These articles make interesting reading:
A long death row
NO ONE disputes that China is a rising great power thanks to its tremendous economic growth. But an announcement Tuesday May 29th cast several clouds over China’s reputation. The government says it will execute Zheng Xiaoyu, the former head of its food and drug regulator, for corruption. The news represents a remarkable confluence of bad press for China: that high-level corruption is rampant, that its products have killed people and animals around the world, and that the country advertising its “peaceful rise” is a harsh, execution-happy dictatorship.
A mixed picture
China executes more people than all other countries combined: unofficially, as many as 8,000, according to Amnesty International, a human-rights group. While the annual estimated number of executions fluctuates (1,591 in 2006—some 40% higher than in 2003), Amnesty notes that there is a global shift away from the death penalty. The total number of countries carrying out executions has fallen from 40 to 25 in a decade, and 129 countries are abolitionist in practice. America is one of only five democracies still to use the death penalty.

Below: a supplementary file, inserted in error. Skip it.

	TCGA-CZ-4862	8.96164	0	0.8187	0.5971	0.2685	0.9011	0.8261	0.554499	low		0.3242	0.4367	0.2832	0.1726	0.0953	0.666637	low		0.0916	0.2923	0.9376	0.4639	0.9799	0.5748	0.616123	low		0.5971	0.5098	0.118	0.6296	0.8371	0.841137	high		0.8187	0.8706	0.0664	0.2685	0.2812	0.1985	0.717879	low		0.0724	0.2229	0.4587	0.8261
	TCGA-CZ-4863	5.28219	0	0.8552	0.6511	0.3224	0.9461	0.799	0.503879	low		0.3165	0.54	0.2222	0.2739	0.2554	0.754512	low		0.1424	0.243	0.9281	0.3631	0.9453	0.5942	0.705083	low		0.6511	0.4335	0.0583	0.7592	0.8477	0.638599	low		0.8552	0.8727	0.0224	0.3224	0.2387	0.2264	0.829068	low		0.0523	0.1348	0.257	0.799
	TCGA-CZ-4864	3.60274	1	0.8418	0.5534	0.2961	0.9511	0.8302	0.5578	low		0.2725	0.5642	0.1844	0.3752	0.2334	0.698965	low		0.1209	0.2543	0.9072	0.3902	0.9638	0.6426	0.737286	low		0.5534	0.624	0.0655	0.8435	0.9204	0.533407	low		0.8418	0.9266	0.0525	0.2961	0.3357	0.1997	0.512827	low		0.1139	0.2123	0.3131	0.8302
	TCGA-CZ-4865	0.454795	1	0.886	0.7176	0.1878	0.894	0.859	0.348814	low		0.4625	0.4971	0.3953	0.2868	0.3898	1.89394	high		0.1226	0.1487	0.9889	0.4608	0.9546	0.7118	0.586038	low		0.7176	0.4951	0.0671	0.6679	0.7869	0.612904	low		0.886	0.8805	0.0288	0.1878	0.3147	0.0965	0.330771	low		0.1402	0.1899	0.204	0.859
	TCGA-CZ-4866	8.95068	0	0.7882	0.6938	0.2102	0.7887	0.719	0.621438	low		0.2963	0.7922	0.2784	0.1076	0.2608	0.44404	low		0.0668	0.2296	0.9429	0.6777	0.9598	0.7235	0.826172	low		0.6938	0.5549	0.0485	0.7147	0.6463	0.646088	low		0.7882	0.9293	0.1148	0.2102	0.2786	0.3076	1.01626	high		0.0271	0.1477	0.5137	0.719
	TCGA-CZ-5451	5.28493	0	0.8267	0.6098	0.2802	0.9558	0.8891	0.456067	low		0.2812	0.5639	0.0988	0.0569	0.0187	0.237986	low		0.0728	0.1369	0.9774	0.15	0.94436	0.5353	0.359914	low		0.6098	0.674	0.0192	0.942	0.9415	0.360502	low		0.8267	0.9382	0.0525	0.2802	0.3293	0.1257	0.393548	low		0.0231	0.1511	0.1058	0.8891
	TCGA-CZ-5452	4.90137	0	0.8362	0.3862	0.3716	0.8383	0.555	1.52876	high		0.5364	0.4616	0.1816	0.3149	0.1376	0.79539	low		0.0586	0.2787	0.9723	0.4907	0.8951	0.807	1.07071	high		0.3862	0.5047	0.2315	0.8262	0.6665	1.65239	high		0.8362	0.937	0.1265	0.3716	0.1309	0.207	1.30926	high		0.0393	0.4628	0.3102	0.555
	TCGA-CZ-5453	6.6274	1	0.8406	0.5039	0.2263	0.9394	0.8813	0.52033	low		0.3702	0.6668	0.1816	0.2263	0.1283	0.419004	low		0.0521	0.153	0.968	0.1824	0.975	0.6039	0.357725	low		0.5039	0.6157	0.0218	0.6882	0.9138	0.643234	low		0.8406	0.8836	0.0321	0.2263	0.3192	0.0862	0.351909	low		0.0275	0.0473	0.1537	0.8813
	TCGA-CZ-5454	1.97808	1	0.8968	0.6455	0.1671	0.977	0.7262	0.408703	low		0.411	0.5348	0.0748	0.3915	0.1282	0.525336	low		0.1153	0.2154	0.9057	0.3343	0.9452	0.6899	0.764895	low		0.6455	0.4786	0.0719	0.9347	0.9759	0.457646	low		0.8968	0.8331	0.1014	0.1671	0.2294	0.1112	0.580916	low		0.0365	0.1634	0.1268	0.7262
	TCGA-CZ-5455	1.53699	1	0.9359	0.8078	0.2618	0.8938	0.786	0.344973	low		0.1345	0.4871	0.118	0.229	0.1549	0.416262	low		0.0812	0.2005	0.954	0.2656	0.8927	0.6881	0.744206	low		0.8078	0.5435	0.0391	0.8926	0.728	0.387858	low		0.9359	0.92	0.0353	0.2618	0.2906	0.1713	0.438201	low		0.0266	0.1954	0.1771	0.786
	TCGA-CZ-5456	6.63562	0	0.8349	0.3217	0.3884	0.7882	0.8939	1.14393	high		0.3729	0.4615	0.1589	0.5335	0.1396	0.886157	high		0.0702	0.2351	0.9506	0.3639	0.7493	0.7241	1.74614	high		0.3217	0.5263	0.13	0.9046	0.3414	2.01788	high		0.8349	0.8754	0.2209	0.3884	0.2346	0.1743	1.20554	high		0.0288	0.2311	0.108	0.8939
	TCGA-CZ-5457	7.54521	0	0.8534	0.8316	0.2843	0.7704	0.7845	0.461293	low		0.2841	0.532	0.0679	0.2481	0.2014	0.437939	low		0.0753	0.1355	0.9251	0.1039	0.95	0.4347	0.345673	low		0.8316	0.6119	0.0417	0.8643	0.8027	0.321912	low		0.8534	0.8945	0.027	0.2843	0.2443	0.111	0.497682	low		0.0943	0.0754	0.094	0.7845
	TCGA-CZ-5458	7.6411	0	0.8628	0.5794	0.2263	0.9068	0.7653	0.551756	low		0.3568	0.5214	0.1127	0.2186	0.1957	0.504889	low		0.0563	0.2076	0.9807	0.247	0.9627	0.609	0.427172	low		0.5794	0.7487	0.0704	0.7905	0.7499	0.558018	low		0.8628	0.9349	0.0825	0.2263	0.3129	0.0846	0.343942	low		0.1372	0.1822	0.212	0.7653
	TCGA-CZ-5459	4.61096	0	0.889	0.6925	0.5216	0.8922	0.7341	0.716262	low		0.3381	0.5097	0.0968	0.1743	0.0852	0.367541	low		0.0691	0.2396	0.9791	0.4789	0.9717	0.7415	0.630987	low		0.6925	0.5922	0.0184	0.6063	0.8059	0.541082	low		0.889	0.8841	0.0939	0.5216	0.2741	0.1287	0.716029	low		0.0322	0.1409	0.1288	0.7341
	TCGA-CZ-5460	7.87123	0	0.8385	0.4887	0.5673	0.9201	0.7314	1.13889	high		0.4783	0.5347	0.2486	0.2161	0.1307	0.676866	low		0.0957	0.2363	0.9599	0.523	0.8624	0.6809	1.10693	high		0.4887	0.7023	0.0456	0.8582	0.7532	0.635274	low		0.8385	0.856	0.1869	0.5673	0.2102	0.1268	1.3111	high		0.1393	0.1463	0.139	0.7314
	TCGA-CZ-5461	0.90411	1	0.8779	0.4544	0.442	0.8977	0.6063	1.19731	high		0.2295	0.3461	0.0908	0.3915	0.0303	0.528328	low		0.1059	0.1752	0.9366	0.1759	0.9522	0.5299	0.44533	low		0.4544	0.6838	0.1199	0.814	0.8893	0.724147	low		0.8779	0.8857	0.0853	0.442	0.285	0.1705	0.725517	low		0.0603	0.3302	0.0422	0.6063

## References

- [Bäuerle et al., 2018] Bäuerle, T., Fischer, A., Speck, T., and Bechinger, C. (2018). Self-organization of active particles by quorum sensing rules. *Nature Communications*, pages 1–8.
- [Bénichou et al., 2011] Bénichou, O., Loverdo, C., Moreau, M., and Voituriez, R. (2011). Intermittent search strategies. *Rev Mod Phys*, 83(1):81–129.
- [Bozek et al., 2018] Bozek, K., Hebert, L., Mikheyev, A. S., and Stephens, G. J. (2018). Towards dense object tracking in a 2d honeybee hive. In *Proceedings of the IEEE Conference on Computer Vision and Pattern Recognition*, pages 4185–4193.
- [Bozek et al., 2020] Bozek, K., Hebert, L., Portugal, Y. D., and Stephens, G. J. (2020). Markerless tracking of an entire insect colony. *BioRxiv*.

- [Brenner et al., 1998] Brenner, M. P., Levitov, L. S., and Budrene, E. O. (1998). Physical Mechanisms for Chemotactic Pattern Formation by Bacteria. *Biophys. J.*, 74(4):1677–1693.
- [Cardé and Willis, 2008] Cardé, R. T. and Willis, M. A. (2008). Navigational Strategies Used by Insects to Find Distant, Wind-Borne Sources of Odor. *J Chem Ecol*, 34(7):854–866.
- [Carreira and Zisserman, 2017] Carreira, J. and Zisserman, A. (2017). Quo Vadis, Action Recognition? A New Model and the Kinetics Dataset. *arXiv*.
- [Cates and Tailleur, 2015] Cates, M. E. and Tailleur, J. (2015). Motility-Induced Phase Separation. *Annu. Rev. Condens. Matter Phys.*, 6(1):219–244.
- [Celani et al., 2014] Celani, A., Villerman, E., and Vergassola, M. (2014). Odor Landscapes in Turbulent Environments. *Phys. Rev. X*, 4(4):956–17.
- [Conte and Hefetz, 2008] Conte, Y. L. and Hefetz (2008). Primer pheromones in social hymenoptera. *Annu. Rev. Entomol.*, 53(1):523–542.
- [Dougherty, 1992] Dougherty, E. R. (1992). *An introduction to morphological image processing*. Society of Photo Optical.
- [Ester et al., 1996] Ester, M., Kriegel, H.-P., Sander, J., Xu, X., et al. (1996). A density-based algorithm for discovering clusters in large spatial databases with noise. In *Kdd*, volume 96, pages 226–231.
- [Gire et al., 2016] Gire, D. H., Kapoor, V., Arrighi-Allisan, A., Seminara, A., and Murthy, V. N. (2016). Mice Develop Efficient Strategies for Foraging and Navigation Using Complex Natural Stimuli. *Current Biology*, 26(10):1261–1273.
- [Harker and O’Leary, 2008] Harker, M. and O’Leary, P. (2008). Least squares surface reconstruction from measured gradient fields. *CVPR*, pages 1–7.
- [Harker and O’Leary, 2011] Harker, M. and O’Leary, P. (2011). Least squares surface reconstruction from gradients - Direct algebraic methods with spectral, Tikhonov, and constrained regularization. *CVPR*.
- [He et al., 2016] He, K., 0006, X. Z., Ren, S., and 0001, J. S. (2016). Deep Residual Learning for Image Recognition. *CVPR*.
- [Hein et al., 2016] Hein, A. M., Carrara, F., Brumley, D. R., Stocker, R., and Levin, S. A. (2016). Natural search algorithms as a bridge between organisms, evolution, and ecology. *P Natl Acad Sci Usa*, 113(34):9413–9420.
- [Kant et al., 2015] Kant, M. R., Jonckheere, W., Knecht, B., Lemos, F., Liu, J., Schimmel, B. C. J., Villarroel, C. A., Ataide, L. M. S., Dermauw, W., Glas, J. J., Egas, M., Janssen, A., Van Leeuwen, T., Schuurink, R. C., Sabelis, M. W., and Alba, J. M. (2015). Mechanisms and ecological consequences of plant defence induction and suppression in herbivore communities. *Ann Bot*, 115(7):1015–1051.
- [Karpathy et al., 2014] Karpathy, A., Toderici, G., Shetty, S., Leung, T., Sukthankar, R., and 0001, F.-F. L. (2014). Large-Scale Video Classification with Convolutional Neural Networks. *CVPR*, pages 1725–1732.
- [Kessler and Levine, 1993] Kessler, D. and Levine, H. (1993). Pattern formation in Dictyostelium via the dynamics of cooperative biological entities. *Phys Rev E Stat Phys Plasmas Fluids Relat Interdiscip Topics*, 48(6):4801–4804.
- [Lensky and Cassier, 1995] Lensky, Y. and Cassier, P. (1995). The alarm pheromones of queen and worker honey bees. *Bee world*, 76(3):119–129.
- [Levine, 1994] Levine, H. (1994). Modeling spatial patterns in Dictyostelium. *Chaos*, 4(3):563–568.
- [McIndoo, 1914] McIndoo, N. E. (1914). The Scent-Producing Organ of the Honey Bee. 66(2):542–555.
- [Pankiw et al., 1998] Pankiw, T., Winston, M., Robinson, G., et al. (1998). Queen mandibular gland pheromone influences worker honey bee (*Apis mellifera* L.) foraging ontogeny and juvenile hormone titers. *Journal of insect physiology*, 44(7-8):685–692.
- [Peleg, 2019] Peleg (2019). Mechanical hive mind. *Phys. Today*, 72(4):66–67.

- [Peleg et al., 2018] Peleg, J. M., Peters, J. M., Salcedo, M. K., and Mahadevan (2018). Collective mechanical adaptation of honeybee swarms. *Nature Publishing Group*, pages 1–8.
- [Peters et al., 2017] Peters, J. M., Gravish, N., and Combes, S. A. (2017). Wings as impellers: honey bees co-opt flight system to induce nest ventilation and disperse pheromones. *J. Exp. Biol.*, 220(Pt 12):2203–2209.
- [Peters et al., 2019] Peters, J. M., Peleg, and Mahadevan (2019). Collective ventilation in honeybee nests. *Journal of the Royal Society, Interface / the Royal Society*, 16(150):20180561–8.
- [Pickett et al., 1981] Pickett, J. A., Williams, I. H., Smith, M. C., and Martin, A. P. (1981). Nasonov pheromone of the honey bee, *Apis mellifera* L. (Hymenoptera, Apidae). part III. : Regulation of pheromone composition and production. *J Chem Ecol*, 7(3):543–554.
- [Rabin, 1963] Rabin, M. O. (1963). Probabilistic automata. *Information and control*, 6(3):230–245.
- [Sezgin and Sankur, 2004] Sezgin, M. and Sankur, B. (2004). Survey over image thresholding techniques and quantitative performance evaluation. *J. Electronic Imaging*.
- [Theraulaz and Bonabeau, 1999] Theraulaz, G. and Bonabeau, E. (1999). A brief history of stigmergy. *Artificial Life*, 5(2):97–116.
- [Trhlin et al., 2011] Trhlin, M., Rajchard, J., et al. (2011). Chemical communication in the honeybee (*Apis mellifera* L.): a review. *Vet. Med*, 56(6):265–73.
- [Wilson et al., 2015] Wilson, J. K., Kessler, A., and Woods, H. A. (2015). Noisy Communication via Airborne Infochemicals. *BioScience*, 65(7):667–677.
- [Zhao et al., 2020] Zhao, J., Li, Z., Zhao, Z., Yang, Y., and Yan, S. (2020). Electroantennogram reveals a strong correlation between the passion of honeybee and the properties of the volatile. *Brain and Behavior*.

FOR all its avowed atheism, China is quite taken with the Christian idea of original sin. The term has become a fashionable one in the state-controlled media, though used almost exclusively in reference to one group of people: wealthy private entrepreneurs. As more prominent businessmen in China fall foul of the law, a debate is raging about whether any of them acquired their wealth entirely legally.